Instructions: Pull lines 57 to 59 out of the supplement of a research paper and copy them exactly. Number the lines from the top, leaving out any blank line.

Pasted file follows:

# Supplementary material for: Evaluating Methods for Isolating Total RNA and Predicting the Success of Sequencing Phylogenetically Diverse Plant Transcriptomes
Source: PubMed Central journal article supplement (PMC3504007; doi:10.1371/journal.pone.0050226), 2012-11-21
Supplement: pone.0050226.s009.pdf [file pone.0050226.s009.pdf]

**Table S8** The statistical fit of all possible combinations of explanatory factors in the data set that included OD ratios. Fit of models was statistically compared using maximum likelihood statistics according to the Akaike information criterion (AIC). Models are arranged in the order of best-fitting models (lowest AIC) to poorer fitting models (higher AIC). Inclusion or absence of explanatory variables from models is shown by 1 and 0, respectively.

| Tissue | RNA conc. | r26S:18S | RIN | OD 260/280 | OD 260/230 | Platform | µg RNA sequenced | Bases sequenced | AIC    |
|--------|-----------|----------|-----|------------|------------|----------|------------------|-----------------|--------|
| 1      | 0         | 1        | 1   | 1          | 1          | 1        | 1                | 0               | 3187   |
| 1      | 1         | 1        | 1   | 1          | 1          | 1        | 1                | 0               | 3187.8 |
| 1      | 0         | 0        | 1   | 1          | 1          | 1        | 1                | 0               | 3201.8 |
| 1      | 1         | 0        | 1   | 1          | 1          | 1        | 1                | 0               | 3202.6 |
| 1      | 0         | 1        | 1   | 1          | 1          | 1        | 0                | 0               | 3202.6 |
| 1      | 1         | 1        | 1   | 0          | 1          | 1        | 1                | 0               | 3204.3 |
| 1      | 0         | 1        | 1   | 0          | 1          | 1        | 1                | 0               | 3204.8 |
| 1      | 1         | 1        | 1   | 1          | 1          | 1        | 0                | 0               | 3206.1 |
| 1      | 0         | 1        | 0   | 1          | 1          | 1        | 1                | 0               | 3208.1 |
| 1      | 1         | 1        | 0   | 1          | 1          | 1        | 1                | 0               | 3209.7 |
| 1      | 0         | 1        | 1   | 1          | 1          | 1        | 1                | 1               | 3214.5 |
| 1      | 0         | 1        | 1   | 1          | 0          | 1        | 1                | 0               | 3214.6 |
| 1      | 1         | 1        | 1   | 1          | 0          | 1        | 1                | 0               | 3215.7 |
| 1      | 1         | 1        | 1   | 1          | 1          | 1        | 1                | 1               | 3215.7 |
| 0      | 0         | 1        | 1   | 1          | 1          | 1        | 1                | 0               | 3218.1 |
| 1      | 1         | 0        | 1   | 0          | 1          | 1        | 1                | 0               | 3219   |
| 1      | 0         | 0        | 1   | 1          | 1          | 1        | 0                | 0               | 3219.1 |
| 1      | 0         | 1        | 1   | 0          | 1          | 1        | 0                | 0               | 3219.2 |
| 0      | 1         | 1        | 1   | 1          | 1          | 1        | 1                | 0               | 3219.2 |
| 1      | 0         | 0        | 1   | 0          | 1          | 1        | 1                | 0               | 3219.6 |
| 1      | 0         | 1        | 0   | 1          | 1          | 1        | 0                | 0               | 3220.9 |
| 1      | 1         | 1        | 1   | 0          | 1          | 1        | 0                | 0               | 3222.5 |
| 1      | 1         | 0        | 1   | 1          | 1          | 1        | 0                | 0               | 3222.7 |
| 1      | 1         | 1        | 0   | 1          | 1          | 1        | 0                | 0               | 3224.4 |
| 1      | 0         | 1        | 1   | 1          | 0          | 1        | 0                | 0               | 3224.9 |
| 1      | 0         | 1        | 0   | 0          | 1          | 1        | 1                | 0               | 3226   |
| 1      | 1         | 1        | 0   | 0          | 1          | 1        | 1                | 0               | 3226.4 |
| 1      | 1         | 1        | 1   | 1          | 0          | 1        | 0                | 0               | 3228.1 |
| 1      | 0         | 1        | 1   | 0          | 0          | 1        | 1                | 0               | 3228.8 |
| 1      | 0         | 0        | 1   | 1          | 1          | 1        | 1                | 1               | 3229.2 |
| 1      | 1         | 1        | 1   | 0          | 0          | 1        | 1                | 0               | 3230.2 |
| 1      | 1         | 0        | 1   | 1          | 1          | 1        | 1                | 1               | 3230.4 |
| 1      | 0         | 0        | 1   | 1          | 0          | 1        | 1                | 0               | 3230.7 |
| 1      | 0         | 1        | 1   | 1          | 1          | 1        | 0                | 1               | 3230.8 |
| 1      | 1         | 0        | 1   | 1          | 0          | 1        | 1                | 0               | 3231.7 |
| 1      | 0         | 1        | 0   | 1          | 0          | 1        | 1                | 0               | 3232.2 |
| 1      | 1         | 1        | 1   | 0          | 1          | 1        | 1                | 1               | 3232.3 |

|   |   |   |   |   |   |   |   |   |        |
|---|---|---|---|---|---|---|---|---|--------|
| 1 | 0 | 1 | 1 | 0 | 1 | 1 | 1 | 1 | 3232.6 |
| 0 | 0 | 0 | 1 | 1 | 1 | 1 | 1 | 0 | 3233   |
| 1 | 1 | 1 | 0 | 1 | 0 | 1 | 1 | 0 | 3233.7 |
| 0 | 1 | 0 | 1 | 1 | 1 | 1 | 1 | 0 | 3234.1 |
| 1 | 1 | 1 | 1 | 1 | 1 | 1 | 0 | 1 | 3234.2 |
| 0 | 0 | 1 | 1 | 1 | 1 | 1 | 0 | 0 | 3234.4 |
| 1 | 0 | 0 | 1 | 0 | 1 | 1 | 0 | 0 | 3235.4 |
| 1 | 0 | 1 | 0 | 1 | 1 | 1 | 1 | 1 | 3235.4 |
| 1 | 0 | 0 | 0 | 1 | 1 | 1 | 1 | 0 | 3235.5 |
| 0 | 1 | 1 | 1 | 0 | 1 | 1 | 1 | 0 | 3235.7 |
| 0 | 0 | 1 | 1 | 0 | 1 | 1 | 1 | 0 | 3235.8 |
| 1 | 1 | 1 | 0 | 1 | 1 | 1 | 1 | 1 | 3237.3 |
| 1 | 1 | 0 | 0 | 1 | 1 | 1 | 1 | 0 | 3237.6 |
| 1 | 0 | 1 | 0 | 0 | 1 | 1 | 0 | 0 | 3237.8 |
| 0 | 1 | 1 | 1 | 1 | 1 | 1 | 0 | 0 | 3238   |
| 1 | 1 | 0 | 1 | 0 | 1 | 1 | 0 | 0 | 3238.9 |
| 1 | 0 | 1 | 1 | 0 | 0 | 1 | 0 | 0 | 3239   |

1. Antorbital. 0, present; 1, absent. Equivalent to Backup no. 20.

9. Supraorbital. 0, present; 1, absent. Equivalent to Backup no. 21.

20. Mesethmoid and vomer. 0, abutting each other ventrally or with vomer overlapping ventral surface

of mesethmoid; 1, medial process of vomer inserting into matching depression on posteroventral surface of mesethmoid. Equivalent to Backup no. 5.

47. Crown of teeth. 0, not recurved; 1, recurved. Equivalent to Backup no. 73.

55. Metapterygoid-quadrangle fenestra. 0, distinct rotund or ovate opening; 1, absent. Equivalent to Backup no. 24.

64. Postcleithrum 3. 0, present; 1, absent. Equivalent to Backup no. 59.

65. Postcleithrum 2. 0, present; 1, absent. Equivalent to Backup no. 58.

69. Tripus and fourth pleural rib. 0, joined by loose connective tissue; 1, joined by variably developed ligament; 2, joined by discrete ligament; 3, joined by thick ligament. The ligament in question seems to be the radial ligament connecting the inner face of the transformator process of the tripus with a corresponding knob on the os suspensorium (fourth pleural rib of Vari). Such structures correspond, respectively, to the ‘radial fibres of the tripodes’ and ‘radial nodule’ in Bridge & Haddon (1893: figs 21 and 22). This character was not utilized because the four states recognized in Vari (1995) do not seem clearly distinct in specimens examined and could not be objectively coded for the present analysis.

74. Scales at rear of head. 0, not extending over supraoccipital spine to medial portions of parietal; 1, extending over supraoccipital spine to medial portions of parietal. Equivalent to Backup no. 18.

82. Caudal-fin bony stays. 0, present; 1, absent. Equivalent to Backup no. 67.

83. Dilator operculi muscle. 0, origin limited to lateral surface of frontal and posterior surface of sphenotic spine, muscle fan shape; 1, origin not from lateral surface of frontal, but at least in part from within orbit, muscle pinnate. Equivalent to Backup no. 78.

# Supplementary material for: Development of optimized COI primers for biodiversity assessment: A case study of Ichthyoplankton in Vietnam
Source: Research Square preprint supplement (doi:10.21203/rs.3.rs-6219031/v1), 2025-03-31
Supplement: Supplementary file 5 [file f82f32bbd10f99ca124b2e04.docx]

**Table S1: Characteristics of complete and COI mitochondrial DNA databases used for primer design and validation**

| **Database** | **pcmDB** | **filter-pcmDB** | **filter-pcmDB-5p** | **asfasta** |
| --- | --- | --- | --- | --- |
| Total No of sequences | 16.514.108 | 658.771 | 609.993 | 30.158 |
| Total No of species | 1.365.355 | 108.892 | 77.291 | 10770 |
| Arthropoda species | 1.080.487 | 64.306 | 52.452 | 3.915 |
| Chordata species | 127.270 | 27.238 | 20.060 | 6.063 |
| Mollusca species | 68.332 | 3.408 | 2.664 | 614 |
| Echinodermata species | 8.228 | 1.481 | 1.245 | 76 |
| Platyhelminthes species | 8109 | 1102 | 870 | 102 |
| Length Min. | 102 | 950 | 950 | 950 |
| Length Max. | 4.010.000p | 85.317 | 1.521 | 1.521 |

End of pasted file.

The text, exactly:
| 1 | 1 | 1 | 0 | 1 | 1 | 1 | 1 | 1 | 3237.3 |
| 1 | 1 | 0 | 0 | 1 | 1 | 1 | 1 | 0 | 3237.6 |
| 1 | 0 | 1 | 0 | 0 | 1 | 1 | 0 | 0 | 3237.8 |